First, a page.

WASHINGTON — The practice of insurers basing auto insurance premiums on a customer's credit rating was questioned at a House hearing yesterday, with critics asking whether it disproportionately hurts young people and minorities.
"This is totally unfair even if there is some statistical relationship," Rep. Mel Watt, D-N.C., was quoted as saying after a hearing Tuesday on the use of credit-based insurance scores. "That might be equivalent to having your driving history determine whether you get a bank loan or the interest rate you will pay on the loan," said Watt, the chairman of the oversight and investigations subcommittee of the House Financial Services Committee.
Insurance industry representatives were quick to defend the practice as sound actuarial policy and an excellent indicator of risk.
Insurers typically give more weight to factors such as an individual's driving record, the type of vehicle they own and the area where the car owner lives, pointed out Robert Hartwig, president of the Insurance Information Institute, Washington, D.C.
Watt's panel heard testimony on a Federal Trade Commission report last summer finding that credit rating scores are effective predictors of the number of claims consumers file, and the costs of those claims.
Although the study found that scores predict both the number of claims that consumers are likely to file, and the total cost of those claims to the insurance company, it is not clear why scores are effective predictors of automobile insurance risk, according to the testimony. The study found that scores do predict risk within racial and ethnic groups, e.g., blacks with higher scores file fewer claims than blacks with lower scores, and that scores have a relatively small effect as a statistical proxy for race and ethnicity. Despite substantial efforts, the testimony noted, the FTC was not able to develop a credit-based insurance score model that effectively predicted risk and narrowed the differences in scores among racial and ethnic minority groups.
Blacks and Hispanics are more likely on average to have lower scores, FTC Commissioner J. Thomas Rosch told the hearing. It "serves as a reminder of the fact that some things even today in our society may adversely affect racial and ethnic minorities."
The FTC said that in models with credit-based insurance scores, blacks were projected to have average predicted risk 10% higher, and Hispanics 4.2% higher, than if the scores were not used.
The report noted insurance companies began to use credit-based insurance scores in the mid-1990s, and that now all major auto insurers use those scores to some capacity.
"Most Americans probably would be surprised that a late payment on their credit cards can dramatically increase the premiums they pay on automobile insurance," said Watt, citing examples of people who saw their rates go up because they had no credit history, or a woman whose insurance premium jumped after her husband declared bankruptcy.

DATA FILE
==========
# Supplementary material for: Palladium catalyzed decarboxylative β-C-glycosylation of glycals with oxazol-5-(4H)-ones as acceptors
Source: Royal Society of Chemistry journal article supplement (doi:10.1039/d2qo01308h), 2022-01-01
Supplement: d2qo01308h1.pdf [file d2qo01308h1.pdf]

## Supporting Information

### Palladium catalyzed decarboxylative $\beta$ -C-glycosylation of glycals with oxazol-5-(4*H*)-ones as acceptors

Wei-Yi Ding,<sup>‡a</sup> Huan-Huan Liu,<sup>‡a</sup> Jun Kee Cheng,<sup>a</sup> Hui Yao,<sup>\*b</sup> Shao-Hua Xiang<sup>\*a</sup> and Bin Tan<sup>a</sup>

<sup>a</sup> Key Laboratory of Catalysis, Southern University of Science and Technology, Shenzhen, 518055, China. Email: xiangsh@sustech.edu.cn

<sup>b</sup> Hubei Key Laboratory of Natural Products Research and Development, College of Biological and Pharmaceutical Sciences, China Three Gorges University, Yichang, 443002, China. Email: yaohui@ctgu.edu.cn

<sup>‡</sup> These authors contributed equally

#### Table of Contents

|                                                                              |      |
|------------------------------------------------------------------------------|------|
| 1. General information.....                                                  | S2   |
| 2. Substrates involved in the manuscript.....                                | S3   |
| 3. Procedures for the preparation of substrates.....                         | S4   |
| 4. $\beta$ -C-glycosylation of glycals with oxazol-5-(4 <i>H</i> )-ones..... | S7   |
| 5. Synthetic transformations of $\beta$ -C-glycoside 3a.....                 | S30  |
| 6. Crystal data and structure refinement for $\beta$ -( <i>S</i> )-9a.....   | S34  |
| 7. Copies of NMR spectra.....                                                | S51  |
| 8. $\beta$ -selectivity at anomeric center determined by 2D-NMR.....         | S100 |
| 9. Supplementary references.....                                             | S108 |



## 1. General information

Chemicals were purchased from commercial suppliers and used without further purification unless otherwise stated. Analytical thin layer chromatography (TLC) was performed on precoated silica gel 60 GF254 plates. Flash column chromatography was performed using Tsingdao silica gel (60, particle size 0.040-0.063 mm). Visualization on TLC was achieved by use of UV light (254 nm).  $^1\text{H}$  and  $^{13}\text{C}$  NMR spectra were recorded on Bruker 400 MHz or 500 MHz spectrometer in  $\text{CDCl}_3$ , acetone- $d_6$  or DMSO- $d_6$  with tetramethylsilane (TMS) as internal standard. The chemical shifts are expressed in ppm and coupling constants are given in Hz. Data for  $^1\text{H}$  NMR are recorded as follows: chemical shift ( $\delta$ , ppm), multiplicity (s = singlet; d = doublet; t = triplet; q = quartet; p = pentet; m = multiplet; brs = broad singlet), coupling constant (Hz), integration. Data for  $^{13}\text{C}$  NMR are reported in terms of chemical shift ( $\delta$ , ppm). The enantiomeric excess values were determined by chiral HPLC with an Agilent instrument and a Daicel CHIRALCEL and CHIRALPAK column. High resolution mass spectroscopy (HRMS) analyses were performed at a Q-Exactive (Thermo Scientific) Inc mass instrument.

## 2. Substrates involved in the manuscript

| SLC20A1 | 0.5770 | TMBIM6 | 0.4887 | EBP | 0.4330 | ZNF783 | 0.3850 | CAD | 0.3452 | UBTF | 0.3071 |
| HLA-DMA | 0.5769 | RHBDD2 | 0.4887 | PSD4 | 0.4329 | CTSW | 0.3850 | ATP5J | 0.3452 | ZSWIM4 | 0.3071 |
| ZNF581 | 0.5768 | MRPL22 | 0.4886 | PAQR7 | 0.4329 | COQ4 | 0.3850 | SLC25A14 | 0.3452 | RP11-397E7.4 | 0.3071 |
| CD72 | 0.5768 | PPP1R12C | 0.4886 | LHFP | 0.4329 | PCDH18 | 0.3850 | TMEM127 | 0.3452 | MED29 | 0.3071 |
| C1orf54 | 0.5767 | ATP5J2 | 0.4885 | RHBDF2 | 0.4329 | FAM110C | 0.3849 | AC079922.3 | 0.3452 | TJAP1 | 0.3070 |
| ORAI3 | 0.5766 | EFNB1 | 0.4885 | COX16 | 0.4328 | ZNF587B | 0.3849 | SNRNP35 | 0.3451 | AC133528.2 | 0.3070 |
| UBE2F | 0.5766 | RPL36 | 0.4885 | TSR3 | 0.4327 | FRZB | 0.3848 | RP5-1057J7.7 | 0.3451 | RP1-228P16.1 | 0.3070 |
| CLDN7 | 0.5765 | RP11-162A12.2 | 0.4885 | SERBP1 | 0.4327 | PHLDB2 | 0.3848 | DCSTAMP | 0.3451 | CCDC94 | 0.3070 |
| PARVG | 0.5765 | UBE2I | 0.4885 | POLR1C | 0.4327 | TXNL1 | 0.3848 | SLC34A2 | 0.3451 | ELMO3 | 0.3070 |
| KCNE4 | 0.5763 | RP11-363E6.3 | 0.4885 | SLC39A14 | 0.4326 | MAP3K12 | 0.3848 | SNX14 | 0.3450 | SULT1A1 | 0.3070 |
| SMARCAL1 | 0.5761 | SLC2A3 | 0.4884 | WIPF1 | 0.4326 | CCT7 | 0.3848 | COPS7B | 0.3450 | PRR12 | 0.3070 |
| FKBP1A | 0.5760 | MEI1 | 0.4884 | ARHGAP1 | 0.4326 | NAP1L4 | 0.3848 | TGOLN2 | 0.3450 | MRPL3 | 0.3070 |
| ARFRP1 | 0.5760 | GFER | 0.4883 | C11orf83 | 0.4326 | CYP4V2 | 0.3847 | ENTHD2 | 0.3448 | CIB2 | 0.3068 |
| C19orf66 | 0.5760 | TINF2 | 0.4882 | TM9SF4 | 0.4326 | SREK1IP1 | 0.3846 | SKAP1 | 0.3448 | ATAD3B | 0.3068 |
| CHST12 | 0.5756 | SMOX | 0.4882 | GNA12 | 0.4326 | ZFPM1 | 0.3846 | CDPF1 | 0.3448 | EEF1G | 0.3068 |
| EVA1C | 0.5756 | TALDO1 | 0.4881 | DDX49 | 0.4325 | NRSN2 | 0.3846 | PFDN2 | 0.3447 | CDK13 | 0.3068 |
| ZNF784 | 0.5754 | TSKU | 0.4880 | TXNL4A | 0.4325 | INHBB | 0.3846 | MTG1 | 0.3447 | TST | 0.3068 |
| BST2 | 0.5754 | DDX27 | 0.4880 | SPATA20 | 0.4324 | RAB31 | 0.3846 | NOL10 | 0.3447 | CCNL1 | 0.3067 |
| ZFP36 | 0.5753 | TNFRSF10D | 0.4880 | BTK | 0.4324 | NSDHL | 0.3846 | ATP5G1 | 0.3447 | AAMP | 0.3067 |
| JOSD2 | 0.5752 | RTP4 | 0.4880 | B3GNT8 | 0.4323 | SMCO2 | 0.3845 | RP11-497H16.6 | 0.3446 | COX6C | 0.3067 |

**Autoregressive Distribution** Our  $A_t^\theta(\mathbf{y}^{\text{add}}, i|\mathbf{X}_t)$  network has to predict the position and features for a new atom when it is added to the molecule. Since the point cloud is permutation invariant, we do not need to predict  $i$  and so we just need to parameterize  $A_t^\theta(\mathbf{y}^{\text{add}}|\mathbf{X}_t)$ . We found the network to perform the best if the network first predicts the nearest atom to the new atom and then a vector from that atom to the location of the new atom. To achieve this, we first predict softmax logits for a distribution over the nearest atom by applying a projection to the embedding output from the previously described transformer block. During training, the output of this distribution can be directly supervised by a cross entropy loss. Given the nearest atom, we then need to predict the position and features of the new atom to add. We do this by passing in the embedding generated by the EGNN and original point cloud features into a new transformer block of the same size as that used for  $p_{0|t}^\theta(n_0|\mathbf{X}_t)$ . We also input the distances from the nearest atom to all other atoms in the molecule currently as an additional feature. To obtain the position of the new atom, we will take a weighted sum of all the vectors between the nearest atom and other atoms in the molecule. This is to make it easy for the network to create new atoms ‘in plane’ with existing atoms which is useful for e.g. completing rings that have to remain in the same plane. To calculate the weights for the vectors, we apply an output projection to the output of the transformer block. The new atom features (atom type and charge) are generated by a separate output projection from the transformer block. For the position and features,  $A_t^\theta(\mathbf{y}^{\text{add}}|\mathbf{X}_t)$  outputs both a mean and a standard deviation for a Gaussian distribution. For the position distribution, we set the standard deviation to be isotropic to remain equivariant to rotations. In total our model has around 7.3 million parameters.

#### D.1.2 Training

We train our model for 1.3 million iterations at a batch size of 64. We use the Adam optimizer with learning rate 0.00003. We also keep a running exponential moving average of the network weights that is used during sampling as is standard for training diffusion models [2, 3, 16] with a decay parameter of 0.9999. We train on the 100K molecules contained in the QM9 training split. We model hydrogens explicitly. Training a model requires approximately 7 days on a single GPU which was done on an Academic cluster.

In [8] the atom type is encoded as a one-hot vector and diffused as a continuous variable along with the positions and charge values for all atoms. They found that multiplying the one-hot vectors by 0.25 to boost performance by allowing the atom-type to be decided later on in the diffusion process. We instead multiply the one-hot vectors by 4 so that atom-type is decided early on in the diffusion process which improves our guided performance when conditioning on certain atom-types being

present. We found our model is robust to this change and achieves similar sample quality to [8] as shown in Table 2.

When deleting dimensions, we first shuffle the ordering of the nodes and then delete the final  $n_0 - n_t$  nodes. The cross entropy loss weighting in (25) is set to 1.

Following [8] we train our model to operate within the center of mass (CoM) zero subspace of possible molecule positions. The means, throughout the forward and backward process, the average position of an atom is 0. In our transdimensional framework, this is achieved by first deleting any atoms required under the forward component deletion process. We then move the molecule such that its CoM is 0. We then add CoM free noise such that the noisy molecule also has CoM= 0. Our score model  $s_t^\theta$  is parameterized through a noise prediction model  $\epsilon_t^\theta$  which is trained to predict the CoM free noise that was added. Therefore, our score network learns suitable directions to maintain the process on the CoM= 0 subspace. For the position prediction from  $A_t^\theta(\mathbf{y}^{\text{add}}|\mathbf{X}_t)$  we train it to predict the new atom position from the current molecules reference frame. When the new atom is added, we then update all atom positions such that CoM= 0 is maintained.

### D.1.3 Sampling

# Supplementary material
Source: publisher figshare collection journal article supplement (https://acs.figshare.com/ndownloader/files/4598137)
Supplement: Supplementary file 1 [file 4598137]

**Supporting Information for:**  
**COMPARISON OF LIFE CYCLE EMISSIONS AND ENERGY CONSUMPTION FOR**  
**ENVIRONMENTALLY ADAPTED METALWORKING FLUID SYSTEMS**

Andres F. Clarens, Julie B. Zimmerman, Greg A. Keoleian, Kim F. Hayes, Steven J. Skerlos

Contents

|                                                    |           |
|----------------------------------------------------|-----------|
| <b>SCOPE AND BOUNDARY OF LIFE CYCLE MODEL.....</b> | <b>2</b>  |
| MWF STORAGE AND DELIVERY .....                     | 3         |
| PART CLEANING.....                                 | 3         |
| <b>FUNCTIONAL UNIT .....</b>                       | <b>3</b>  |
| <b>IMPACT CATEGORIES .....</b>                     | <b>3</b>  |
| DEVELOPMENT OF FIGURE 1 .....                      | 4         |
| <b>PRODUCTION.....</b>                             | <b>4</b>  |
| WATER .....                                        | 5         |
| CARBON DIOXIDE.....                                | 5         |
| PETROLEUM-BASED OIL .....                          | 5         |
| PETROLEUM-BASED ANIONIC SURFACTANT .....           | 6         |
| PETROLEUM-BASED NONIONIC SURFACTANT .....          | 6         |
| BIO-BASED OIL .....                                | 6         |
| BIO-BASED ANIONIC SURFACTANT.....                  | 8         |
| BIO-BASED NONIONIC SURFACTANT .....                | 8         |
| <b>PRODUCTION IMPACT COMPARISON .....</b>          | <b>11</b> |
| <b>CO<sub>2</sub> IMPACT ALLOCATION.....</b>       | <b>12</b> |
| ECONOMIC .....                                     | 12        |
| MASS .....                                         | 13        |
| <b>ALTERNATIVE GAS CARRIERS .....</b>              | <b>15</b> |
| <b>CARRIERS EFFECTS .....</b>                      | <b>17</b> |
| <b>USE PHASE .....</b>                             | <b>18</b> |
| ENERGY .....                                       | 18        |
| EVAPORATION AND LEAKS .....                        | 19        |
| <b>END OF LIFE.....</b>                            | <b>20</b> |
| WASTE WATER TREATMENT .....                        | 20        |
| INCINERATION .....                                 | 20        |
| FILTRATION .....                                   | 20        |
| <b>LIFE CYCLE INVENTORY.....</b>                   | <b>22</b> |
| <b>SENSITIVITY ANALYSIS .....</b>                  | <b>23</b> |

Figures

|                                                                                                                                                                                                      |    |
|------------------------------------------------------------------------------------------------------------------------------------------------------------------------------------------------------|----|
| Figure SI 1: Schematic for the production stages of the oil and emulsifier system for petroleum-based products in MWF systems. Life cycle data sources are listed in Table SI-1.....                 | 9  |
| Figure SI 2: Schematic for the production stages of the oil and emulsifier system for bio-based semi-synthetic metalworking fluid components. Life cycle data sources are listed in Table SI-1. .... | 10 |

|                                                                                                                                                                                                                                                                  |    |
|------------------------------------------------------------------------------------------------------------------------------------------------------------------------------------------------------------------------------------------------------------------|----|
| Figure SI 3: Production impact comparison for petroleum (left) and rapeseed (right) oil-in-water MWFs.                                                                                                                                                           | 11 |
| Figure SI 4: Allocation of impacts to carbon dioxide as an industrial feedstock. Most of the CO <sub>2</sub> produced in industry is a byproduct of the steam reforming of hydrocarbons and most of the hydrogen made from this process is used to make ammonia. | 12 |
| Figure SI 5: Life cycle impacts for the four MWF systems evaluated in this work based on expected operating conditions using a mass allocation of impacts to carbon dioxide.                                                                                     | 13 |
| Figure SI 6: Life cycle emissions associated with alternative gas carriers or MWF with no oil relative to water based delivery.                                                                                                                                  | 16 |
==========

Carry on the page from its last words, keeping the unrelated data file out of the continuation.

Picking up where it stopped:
J.P. Schmidt, commissioner of insurance for Hawaii, said his state banned the practice 20 years ago after deciding that it could result in discriminatory practices, and that the benefits were "outweighed by the potential for harm to a greater number of the state's citizens."
Many immigrants and young people have no credit history, resulting in higher risk designations, said Eric Rodriguez of the National Council of La Raza.
Washington state's insurance commissioner, Mike Kreidler, said that five years ago his state passed limitations, such as barring insurers from canceling or refusing to renew policies because of credit ratings. But he said it made him nervous that other factors, such as education and occupation, are starting to creep into insurers' calculations in determining rates.
But Rep. Gary Miller of Califo nia, the top Republican on the panel, said it would be "irresponsible for insurance companies to ignore" the fact that people with bad credit histories are more likely to have accidents. He said he would hate to see the practice banned with the result that people with bad records are subsidized.
Watt also cautioned against federal intervention, noting that states have traditionally regulated insurance and "should continue to do so."
In testimony for the FTC, Commissioner Rosch told the Subcommittee on Oversight and Investigations of the U.S. House Financial Services Committee that the Commission intends to conduct a similar study of the impact of credit-based insurance scores on the availability and affordability of homeowners insurance. He said that to increase public confidence in its homeowner insurance study, the agency intends to use its authority under Section 6(b) of the FTC Act to compel insurance companies to provide homeowners policy information to the Commission.
In conclusion, the Commission's testimony noted that, in addition to conducting research and policy activities to inform the debate about credit-based insurance scores, the Commission also provides consumers with critical information so they can make better-informed decisions. To help them make these decisions, the agency recently revised and reissued its English- and Spanish-language consumer education materials to provide greater emphasis to the link between credit history and insurance premiums.
Sources: Associated Press, Pioneer Press, Federal Trade Commission
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